Is the Immigration 'Crisis' Going Away?
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A new study shows that illegal immigration from Mexico has dropped to zero, reversing a trend that has shaped American law, culture and politics. As familiar disputes continue, is it time for change? Also, challenge to Eurozone austerity programs after elections in France and Greece, and healthy communities in an age of obesity.
Banner image: A Mexican migrant worker cuts spinach during the fall harvest in Wellington, Colorado. Photo by John Moore/Getty Images
Challenge to Austerity Programs after French, Greek Elections ()
President Nicolas Sarkozy, the French advocate of austerity, lost yesterday's election to the Socialist candidate, François Hollande. Two so-called reformist parties in Greece were also defeated by voters. German Chancellor Angela Merkel lost no time in warning new leaders to stick with the program. Peter Spiegel is Brussels Bureau Chief for the Financial Times.
Is the Immigration 'Crisis' Going Away? ()
The states, the US Supreme Court and presidential candidates are debating the consequences of illegal immigration — at a time when it's on the decline. Agricultural interests in Arizona, Georgia and Alabama are claiming a shortage of workers from Mexico. The Pew Hispanic Center has recently reported that, "The net migration flow from Mexico to the United States has stopped — and may have reversed." Hard liners claim that will change when the recession is over, and the dispute continues about the undocumented workers who are already here. But, large waves of immigrants have shaped American since the beginning. We debate the possible causes and potential policy impacts. Meantime, should it change our thinking if a massive wave of immigration has come to an end?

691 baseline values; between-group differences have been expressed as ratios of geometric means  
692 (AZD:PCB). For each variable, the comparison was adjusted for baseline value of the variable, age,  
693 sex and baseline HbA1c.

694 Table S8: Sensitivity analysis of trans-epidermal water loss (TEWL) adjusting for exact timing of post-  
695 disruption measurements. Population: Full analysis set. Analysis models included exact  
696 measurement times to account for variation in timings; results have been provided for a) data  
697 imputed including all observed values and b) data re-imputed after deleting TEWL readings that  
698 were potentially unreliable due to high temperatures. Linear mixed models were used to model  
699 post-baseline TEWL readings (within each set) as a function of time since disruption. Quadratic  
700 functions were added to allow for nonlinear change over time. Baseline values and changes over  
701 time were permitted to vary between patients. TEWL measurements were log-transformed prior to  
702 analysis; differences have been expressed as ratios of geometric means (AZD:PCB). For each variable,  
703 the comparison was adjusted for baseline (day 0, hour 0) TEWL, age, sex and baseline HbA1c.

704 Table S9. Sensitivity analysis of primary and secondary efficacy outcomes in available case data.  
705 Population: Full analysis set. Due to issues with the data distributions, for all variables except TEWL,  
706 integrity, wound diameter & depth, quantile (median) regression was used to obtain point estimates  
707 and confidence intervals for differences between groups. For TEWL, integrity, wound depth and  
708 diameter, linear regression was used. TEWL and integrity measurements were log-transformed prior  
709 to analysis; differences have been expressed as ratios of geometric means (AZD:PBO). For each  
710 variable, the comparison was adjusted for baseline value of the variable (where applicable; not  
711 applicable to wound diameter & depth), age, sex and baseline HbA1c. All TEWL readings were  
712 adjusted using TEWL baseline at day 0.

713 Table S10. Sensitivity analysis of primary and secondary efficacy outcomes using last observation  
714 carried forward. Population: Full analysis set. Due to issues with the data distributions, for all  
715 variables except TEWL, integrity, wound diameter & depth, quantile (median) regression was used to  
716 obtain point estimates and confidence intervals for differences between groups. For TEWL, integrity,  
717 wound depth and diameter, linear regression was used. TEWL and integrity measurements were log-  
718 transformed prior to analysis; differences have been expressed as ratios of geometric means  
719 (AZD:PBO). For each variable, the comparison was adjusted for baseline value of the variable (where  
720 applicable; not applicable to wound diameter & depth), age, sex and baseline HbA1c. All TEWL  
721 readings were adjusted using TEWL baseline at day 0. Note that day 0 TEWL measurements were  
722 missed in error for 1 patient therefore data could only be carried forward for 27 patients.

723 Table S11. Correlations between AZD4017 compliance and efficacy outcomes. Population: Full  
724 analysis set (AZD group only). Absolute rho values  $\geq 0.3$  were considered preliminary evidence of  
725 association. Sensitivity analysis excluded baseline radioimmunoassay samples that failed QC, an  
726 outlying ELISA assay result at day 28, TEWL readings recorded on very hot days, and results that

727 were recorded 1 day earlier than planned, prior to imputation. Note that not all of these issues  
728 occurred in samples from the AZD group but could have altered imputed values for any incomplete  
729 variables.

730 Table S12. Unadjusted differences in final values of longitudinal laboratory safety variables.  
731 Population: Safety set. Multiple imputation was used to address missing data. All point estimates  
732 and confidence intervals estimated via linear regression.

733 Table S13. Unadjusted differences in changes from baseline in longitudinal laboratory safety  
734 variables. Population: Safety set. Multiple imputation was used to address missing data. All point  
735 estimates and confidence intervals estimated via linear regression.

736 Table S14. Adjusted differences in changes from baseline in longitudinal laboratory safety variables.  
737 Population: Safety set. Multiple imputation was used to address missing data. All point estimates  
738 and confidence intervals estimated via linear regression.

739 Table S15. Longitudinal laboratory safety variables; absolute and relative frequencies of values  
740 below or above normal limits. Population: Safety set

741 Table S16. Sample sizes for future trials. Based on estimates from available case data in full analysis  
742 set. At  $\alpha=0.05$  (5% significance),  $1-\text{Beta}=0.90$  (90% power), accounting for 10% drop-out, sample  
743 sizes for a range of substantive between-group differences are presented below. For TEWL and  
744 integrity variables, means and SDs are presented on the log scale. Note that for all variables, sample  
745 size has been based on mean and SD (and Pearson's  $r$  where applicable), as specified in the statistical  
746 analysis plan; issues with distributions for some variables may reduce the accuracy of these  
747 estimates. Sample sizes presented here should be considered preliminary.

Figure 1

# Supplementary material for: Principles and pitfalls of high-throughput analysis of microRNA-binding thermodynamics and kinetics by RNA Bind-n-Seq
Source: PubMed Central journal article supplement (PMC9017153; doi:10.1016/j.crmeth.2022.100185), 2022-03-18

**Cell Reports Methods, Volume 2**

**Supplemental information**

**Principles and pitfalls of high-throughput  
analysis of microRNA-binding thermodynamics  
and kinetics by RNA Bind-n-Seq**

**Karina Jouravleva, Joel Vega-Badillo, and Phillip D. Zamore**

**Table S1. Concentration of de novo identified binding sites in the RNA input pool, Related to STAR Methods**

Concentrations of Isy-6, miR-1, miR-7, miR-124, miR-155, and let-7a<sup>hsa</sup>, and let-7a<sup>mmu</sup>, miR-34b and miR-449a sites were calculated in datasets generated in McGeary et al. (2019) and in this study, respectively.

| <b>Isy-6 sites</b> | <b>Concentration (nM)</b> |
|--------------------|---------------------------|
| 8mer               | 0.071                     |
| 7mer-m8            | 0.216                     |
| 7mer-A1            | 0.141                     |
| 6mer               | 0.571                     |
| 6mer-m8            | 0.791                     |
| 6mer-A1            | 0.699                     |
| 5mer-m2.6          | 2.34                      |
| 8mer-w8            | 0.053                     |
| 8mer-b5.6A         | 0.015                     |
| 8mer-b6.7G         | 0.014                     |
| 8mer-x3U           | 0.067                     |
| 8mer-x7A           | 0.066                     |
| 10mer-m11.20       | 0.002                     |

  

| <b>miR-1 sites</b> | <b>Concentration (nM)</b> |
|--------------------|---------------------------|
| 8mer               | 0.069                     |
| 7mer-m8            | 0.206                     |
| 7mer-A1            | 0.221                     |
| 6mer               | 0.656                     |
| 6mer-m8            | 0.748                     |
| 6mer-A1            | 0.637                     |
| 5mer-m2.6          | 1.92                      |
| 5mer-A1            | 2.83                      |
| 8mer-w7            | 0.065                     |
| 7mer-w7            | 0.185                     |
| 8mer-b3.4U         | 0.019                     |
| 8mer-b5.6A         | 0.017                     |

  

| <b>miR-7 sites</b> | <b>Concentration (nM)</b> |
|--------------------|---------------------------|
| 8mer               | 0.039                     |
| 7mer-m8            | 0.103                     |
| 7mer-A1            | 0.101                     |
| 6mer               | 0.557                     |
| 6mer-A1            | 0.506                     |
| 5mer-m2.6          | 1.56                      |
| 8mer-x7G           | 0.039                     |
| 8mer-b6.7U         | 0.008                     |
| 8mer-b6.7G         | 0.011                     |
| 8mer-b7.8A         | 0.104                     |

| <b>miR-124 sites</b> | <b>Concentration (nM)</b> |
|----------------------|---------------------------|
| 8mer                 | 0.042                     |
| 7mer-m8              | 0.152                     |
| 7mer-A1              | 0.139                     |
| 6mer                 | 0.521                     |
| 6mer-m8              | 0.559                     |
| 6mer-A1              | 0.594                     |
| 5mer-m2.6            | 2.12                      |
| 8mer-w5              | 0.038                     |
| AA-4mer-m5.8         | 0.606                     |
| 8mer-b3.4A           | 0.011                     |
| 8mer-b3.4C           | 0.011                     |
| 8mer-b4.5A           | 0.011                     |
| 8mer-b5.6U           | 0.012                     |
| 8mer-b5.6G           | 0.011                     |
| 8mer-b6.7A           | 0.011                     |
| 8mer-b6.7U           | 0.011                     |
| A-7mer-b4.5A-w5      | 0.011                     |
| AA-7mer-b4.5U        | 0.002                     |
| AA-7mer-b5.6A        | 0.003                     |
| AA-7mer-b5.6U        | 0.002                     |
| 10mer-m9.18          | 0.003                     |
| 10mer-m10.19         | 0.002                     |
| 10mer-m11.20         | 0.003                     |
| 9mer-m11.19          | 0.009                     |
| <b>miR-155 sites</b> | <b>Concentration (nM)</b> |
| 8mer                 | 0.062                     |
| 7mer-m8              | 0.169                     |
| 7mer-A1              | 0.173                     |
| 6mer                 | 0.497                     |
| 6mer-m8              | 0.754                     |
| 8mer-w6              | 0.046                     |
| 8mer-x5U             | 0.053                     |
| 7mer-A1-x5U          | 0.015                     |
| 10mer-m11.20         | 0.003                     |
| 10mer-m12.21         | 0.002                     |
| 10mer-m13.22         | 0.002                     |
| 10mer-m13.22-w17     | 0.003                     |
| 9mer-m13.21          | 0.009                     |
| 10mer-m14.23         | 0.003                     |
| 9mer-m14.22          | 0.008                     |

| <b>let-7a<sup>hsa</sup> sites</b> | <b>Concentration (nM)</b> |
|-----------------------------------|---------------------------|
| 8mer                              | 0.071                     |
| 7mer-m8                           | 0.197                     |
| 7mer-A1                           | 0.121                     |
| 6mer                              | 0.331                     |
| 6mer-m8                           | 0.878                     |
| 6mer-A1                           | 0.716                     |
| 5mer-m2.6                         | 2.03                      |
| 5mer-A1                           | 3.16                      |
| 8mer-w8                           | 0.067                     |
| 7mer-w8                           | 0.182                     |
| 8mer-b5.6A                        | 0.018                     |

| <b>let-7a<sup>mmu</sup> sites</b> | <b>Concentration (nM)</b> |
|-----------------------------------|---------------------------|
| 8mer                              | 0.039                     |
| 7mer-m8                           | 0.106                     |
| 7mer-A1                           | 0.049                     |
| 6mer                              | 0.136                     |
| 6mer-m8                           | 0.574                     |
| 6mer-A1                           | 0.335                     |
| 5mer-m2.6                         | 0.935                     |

- Gregory Rodriguez: New America Foundtion
- Bill Richardson: APCO Worldwide, @govrichardson
- Mark Krikorian: Center for Immigration Studies, @MarkSKrikorian
- Demetrios Papademetriou: Migration Policy Institute
Designing Healthy Communities in an Age of Obesity ()
An editorial in today's New York Times raises questions about an epidemic of Type 2 Diabetes. Almost a fifth of new cases are in young people, where it's hardest to treat. Even doctors say medicine is not the remedy. That children are starting so young bodes ill for their failures. The New England Journal of Medicine reports that three ways to treat the disease in children 10 to 17 don't work well. Pediatrician Richard Jackson, former Director of the National Center for Environmental Health at the Centers for Disease Control and Prevention and State Health Officer for California's former Governor Arnold Schwarzenegger, is host of Designing Healthy Communities, a series currently being shown on public television.
- Richard Jackson: UCLA School of Public Health
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